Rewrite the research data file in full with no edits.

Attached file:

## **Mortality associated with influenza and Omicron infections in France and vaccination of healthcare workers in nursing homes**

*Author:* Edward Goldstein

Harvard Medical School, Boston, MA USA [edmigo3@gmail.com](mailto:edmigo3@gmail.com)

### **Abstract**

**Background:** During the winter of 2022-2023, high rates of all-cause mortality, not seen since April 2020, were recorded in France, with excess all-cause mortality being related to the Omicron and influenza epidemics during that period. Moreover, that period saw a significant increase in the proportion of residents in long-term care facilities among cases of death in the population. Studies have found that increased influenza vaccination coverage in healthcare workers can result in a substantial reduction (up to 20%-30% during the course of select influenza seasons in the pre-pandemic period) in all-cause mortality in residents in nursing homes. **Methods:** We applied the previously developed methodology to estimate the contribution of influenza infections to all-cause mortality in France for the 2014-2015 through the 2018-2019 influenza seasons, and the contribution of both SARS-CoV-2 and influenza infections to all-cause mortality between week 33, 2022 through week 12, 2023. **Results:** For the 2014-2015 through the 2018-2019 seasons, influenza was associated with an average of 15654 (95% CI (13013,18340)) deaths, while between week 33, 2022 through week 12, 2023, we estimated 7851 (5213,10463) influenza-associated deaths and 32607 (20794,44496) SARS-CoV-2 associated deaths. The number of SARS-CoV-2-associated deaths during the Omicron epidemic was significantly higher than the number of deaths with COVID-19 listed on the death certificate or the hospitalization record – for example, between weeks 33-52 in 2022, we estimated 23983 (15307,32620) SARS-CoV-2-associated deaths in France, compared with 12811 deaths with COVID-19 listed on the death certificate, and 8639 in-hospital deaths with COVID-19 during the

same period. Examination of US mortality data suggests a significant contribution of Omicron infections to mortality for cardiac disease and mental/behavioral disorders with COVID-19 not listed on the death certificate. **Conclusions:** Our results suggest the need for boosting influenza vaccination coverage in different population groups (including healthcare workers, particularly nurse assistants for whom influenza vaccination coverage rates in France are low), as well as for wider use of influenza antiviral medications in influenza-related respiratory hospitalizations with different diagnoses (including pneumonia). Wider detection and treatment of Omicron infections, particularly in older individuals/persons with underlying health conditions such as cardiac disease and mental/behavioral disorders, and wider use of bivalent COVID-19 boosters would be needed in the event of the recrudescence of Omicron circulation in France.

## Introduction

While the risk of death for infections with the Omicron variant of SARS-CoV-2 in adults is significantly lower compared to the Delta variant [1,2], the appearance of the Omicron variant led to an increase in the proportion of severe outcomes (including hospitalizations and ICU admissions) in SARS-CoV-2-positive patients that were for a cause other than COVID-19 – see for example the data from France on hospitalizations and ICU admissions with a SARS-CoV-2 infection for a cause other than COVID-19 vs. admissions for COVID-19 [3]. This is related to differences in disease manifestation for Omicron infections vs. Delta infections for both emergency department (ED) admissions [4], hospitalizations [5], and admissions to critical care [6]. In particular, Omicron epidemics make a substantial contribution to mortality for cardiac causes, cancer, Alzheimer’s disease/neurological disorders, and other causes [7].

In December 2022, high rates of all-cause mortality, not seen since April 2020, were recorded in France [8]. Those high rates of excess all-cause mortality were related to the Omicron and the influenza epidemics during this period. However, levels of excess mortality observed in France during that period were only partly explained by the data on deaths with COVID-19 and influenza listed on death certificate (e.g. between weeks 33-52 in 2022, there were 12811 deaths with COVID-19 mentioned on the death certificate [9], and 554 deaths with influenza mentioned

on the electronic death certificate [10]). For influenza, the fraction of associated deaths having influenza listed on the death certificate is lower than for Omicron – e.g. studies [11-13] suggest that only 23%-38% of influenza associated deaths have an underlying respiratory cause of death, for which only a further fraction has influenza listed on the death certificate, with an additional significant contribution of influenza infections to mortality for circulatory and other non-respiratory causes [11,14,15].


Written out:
## **Mortality associated with influenza and Omicron infections in France and vaccination of healthcare workers in nursing homes**

*Author:* Edward Goldstein

Harvard Medical School, Boston, MA USA [edmigo3@gmail.com](mailto:edmigo3@gmail.com)

### **Abstract**

**Background:** During the winter of 2022-2023, high rates of all-cause mortality, not seen since April 2020, were recorded in France, with excess all-cause mortality being related to the Omicron and influenza epidemics during that period. Moreover, that period saw a significant increase in the proportion of residents in long-term care facilities among cases of death in the population. Studies have found that increased influenza vaccination coverage in healthcare workers can result in a substantial reduction (up to 20%-30% during the course of select influenza seasons in the pre-pandemic period) in all-cause mortality in residents in nursing homes. **Methods:** We applied the previously developed methodology to estimate the contribution of influenza infections to all-cause mortality in France for the 2014-2015 through the 2018-2019 influenza seasons, and the contribution of both SARS-CoV-2 and influenza infections to all-cause mortality between week 33, 2022 through week 12, 2023. **Results:** For the 2014-2015 through the 2018-2019 seasons, influenza was associated with an average of 15654 (95% CI (13013,18340)) deaths, while between week 33, 2022 through week 12, 2023, we estimated 7851 (5213,10463) influenza-associated deaths and 32607 (20794,44496) SARS-CoV-2 associated deaths. The number of SARS-CoV-2-associated deaths during the Omicron epidemic was significantly higher than the number of deaths with COVID-19 listed on the death certificate or the hospitalization record – for example, between weeks 33-52 in 2022, we estimated 23983 (15307,32620) SARS-CoV-2-associated deaths in France, compared with 12811 deaths with COVID-19 listed on the death certificate, and 8639 in-hospital deaths with COVID-19 during the

same period. Examination of US mortality data suggests a significant contribution of Omicron infections to mortality for cardiac disease and mental/behavioral disorders with COVID-19 not listed on the death certificate. **Conclusions:** Our results suggest the need for boosting influenza vaccination coverage in different population groups (including healthcare workers, particularly nurse assistants for whom influenza vaccination coverage rates in France are low), as well as for wider use of influenza antiviral medications in influenza-related respiratory hospitalizations with different diagnoses (including pneumonia). Wider detection and treatment of Omicron infections, particularly in older individuals/persons with underlying health conditions such as cardiac disease and mental/behavioral disorders, and wider use of bivalent COVID-19 boosters would be needed in the event of the recrudescence of Omicron circulation in France.

## Introduction

While the risk of death for infections with the Omicron variant of SARS-CoV-2 in adults is significantly lower compared to the Delta variant [1,2], the appearance of the Omicron variant led to an increase in the proportion of severe outcomes (including hospitalizations and ICU admissions) in SARS-CoV-2-positive patients that were for a cause other than COVID-19 – see for example the data from France on hospitalizations and ICU admissions with a SARS-CoV-2 infection for a cause other than COVID-19 vs. admissions for COVID-19 [3]. This is related to differences in disease manifestation for Omicron infections vs. Delta infections for both emergency department (ED) admissions [4], hospitalizations [5], and admissions to critical care [6]. In particular, Omicron epidemics make a substantial contribution to mortality for cardiac causes, cancer, Alzheimer’s disease/neurological disorders, and other causes [7].

In December 2022, high rates of all-cause mortality, not seen since April 2020, were recorded in France [8]. Those high rates of excess all-cause mortality were related to the Omicron and the influenza epidemics during this period. However, levels of excess mortality observed in France during that period were only partly explained by the data on deaths with COVID-19 and influenza listed on death certificate (e.g. between weeks 33-52 in 2022, there were 12811 deaths with COVID-19 mentioned on the death certificate [9], and 554 deaths with influenza mentioned

on the electronic death certificate [10]). For influenza, the fraction of associated deaths having influenza listed on the death certificate is lower than for Omicron – e.g. studies [11-13] suggest that only 23%-38% of influenza associated deaths have an underlying respiratory cause of death, for which only a further fraction has influenza listed on the death certificate, with an additional significant contribution of influenza infections to mortality for circulatory and other non-respiratory causes [11,14,15].